The title of this project references the period of massive cultural, social, economic and technological development that South Korea has undergone since the Korean Civil War of the mid-twentieth century. More specifically, Miracle on the Han River is used to describe the growth of Seoul – which hosts the Han river, that runs through both North and South Korea – from a city destroyed by war to a major industrialised economic centre. The phrase itself is a recontextualisation of ‘Miracle on the Rhine’ which described the economic rebirth of the newly divided Germany after World War Two. So, like the Rhine the Han River also acts as an important metaphor as well as site for the industrial modernisation of Korea: the expression also seems to adequately pay homage to this river’s long political history.

One aspect of Seoul’s renaissance involved the redevelopment and planning of its city centre; this directly affected the Cheonggyecheon, a tributary which flows through the downtown area eventually meeting the Jungnangcheon which in turn empties into the Han River. In brief, this stream was covered over by roads, other buildings, and eventually a motorway – clear representatives of capital growth within a modern city – that in turn led to its demise. However, this area has recently undergone a major regeneration process involving pumping water back into the stream, relocating the overhead road, and developing recreational areas in the form of long parks running either side of the water flow: the newly beautified Cheonggyecheon was finished in late 2005. This area of Seoul is significant in that it is geographically representative of both traditional and contemporary aspects of Korean culture: old Joseon Dynasty palaces sit alongside generic skyscrapers housing government officials and the like. In essence, Cheonggyecheon has become a unique site clearly mingling the old with the new, politics with history, the social with economics, as well as nature with culture – infrastructure that is not clearly visible but contributes to a sense of understanding, experience and knowledge of place.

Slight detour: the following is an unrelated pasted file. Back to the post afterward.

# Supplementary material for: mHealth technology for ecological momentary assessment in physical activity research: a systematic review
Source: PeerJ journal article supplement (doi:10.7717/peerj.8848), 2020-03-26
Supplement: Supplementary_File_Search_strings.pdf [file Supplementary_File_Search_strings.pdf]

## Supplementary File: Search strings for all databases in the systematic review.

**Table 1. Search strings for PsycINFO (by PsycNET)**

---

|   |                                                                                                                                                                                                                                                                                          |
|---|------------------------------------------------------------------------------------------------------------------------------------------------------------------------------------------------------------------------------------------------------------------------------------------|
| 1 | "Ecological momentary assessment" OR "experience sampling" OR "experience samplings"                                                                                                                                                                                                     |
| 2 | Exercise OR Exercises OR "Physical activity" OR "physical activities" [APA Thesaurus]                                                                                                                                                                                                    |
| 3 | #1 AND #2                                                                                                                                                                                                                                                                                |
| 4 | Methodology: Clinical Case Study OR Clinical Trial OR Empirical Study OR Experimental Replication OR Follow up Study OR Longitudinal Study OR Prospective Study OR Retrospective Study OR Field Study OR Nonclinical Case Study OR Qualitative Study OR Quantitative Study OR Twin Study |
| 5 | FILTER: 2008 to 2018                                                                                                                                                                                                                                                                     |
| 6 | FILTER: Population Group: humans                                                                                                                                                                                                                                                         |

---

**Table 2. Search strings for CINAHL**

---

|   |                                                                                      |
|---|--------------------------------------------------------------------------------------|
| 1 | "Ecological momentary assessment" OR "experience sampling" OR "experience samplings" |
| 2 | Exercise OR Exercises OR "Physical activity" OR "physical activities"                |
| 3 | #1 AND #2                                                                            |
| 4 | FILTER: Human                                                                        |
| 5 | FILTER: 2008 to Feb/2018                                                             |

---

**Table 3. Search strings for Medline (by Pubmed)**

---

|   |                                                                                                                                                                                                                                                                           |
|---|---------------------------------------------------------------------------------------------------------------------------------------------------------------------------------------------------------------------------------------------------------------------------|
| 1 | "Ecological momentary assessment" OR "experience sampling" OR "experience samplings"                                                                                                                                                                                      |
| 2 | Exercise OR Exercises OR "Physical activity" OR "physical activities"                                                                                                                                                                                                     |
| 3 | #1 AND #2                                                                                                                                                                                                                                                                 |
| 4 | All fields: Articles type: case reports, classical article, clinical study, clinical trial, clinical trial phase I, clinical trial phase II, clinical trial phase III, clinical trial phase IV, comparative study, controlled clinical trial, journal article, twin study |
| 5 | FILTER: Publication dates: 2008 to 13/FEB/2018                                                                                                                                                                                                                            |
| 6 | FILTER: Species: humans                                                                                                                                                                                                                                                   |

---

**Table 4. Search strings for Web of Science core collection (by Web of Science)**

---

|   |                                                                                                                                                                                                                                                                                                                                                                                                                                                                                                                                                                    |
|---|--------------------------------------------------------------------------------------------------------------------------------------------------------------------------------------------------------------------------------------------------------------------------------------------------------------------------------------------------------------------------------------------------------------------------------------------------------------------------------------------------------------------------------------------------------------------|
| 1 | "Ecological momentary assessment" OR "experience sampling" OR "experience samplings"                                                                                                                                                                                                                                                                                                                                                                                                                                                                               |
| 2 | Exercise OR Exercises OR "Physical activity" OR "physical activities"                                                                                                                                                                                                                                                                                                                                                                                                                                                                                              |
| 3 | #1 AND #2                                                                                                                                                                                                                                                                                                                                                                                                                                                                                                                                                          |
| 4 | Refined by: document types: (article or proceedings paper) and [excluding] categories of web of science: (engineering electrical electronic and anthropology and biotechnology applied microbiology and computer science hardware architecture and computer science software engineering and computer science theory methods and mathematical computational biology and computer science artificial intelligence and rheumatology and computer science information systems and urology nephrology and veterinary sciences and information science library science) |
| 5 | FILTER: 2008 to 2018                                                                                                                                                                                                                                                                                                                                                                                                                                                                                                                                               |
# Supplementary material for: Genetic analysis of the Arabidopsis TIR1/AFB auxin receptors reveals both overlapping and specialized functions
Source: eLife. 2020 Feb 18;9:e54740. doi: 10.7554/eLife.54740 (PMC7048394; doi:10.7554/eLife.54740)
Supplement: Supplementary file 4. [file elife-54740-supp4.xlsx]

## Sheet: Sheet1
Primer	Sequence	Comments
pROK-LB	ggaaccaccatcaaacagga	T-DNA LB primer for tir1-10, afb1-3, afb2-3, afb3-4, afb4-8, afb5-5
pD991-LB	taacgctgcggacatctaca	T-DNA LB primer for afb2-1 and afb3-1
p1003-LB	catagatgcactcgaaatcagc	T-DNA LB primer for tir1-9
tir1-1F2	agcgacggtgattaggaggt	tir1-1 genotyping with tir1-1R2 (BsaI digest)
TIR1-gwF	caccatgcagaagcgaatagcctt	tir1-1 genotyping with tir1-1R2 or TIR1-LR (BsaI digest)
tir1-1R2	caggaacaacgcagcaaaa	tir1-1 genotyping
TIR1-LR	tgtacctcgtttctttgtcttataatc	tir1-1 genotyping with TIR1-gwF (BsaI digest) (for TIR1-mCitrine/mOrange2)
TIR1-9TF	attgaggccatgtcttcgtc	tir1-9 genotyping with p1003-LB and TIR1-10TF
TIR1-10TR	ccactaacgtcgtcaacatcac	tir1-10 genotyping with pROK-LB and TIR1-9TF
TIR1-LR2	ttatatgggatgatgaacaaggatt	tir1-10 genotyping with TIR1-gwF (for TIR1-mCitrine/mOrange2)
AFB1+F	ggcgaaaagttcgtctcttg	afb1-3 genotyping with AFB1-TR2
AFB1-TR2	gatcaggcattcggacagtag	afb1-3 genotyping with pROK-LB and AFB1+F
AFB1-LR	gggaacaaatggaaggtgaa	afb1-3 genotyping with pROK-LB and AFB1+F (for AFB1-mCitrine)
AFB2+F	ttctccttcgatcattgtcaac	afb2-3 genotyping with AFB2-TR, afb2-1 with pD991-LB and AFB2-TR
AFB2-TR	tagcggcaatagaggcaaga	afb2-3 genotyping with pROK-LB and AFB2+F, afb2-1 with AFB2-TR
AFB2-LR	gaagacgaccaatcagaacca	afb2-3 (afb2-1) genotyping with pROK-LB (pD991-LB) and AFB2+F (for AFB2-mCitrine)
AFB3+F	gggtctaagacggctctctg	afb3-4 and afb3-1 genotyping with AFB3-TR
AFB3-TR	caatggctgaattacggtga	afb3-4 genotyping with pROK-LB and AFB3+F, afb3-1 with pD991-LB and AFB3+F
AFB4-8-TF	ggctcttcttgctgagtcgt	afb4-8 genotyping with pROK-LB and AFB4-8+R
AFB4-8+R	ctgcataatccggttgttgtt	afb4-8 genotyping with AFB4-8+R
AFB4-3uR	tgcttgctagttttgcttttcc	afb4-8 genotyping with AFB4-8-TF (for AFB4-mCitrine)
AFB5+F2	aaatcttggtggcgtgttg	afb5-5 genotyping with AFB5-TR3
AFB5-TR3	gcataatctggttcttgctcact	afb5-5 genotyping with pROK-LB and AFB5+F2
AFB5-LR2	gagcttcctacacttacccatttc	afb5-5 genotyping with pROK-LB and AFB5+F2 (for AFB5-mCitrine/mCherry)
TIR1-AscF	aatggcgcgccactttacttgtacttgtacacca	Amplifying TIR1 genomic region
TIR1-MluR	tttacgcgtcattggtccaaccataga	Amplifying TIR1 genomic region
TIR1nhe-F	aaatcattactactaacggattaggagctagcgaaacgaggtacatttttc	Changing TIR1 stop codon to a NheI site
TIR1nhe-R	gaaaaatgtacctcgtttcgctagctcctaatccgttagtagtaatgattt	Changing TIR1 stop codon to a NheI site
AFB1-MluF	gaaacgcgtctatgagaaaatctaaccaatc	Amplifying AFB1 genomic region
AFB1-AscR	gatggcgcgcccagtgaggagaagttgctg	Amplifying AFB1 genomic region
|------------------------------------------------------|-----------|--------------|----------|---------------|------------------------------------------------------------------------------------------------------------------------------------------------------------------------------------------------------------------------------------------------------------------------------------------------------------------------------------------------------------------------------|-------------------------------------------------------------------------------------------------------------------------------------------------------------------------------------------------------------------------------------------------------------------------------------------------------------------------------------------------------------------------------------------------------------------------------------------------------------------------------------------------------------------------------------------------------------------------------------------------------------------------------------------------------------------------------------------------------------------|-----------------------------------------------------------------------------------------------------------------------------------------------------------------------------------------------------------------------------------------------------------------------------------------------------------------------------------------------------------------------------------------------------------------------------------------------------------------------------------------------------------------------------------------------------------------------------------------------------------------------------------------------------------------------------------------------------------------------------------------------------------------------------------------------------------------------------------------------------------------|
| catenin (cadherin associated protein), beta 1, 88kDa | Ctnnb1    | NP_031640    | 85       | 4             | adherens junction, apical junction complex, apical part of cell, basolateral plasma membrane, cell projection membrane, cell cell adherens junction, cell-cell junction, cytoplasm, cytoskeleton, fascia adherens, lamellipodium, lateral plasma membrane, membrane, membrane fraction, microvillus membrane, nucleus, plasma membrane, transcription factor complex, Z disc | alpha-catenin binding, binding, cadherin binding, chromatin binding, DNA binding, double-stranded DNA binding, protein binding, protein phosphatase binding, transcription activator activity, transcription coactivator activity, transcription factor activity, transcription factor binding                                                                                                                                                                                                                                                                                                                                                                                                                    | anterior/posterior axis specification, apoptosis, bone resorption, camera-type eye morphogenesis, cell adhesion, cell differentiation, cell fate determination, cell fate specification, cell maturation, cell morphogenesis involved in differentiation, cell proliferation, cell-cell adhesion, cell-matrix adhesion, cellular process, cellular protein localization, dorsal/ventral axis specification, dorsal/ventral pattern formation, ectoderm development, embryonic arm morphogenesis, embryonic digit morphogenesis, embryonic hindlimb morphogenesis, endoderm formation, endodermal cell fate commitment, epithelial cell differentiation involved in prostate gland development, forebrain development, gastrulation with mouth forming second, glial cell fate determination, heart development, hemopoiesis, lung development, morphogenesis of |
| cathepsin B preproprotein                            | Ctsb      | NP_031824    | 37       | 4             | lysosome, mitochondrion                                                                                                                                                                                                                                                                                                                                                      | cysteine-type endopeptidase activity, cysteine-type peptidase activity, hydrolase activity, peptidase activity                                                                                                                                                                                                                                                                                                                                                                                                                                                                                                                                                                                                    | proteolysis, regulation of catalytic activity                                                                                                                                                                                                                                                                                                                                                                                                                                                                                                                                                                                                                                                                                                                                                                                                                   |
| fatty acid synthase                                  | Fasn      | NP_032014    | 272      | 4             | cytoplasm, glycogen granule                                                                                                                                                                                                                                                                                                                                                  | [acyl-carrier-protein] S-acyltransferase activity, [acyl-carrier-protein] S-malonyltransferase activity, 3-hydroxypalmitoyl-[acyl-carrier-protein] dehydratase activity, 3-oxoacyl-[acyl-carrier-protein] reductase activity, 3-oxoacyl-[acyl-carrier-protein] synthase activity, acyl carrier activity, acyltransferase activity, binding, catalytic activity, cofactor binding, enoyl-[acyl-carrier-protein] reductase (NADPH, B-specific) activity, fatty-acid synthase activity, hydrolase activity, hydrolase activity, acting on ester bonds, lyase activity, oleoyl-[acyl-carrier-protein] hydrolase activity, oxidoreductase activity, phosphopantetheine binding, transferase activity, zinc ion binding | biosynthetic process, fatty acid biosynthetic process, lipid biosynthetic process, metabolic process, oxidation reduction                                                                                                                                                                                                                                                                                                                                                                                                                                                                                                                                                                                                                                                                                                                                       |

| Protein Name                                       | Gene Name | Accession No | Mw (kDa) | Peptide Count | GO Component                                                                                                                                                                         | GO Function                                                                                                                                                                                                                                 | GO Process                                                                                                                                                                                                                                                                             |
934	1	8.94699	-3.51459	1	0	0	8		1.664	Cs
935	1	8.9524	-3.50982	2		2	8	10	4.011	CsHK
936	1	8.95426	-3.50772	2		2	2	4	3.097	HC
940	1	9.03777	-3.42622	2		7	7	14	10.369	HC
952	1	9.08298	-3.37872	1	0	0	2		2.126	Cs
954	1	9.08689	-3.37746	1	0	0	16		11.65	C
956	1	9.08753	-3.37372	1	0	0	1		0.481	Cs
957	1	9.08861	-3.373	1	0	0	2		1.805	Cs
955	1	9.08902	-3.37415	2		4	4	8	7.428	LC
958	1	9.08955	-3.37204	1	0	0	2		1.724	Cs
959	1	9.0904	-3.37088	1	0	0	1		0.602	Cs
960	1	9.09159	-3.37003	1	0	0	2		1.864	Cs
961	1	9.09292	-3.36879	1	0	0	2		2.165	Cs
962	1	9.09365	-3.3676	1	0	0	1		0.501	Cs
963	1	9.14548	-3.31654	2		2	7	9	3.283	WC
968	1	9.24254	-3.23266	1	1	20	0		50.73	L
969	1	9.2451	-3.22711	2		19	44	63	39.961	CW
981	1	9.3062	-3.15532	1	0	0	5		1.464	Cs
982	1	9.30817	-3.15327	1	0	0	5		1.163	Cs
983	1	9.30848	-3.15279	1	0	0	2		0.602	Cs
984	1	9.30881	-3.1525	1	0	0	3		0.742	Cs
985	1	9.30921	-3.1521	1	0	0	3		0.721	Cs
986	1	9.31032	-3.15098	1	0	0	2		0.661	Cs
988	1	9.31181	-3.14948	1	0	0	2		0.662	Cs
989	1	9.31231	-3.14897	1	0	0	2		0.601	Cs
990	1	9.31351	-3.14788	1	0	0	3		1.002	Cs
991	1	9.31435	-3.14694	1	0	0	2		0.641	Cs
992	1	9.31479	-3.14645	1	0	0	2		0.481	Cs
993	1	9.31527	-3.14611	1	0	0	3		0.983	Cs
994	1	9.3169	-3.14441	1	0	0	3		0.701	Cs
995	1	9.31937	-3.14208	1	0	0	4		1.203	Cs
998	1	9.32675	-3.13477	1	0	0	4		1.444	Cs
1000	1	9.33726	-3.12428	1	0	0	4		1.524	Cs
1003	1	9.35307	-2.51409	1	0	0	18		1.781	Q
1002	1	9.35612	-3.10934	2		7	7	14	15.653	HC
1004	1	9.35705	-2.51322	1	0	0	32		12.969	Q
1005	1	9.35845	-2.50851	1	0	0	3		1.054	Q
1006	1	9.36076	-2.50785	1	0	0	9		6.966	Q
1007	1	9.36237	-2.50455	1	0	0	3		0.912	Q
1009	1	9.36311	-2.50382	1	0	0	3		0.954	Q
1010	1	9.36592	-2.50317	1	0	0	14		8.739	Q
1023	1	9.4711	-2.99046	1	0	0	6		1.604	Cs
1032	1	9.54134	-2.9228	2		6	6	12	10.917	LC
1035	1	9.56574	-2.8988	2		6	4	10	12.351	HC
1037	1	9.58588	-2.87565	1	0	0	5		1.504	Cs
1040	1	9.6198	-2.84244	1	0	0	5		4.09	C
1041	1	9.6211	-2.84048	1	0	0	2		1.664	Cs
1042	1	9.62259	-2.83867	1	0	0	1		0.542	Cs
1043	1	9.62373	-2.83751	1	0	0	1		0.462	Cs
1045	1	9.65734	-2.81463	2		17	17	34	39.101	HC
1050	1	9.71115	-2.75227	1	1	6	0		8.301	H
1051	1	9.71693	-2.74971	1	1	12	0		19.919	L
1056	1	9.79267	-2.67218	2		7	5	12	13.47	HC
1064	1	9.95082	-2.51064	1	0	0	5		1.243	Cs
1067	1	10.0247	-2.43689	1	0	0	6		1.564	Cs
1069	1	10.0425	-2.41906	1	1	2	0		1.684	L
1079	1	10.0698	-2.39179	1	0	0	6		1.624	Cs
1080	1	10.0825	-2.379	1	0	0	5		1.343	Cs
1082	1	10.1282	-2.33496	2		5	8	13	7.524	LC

Miracle on the Han River uses this infrastructure to help frame a sustained photographic investigation into the Cheonggyecheon and surrounding city areas: these images will be executed in a similar manner to my existing practice. Accordingly, Miracle on the Han River seeks to explore the disparity between the uniquely subjective experiences of being in public sites such as Cheonggyecheon, and their representation through photography. This project also plays on the socio-cultural understanding of both site and photography – the former is linked to how photographs actually do reveal something about what they depict, while the latter is grounded in the notion that space itself is always ‘cultural’. Subsequently, what photographs disclose has more to do with the things we cannot necessarily see but are so connected to how we gather a sense and comprehension of specific sites: Miracle on the Han River establishes specific formal compositional relationships within each photograph’s content to highlight this understanding.

Such formal awareness starts to upset the usual social conventions and narrative associations of photography. Therefore, it is the little shafts of light, or the direction of the pathways that line the river, or the curves and colours of the architecture which become stilled through photographic representation, offering us something else. These aesthetic traits quite literally point to a different way of looking which in turn becomes tightly connected to our experience of such a site – Cheonggyecheon, and the Seoul city centre. So, what Miracle on the Han River reveals is the possibility and potentiality of experience; a way of being in these public sites anew, without the usual clutter dominating and clouding our understanding.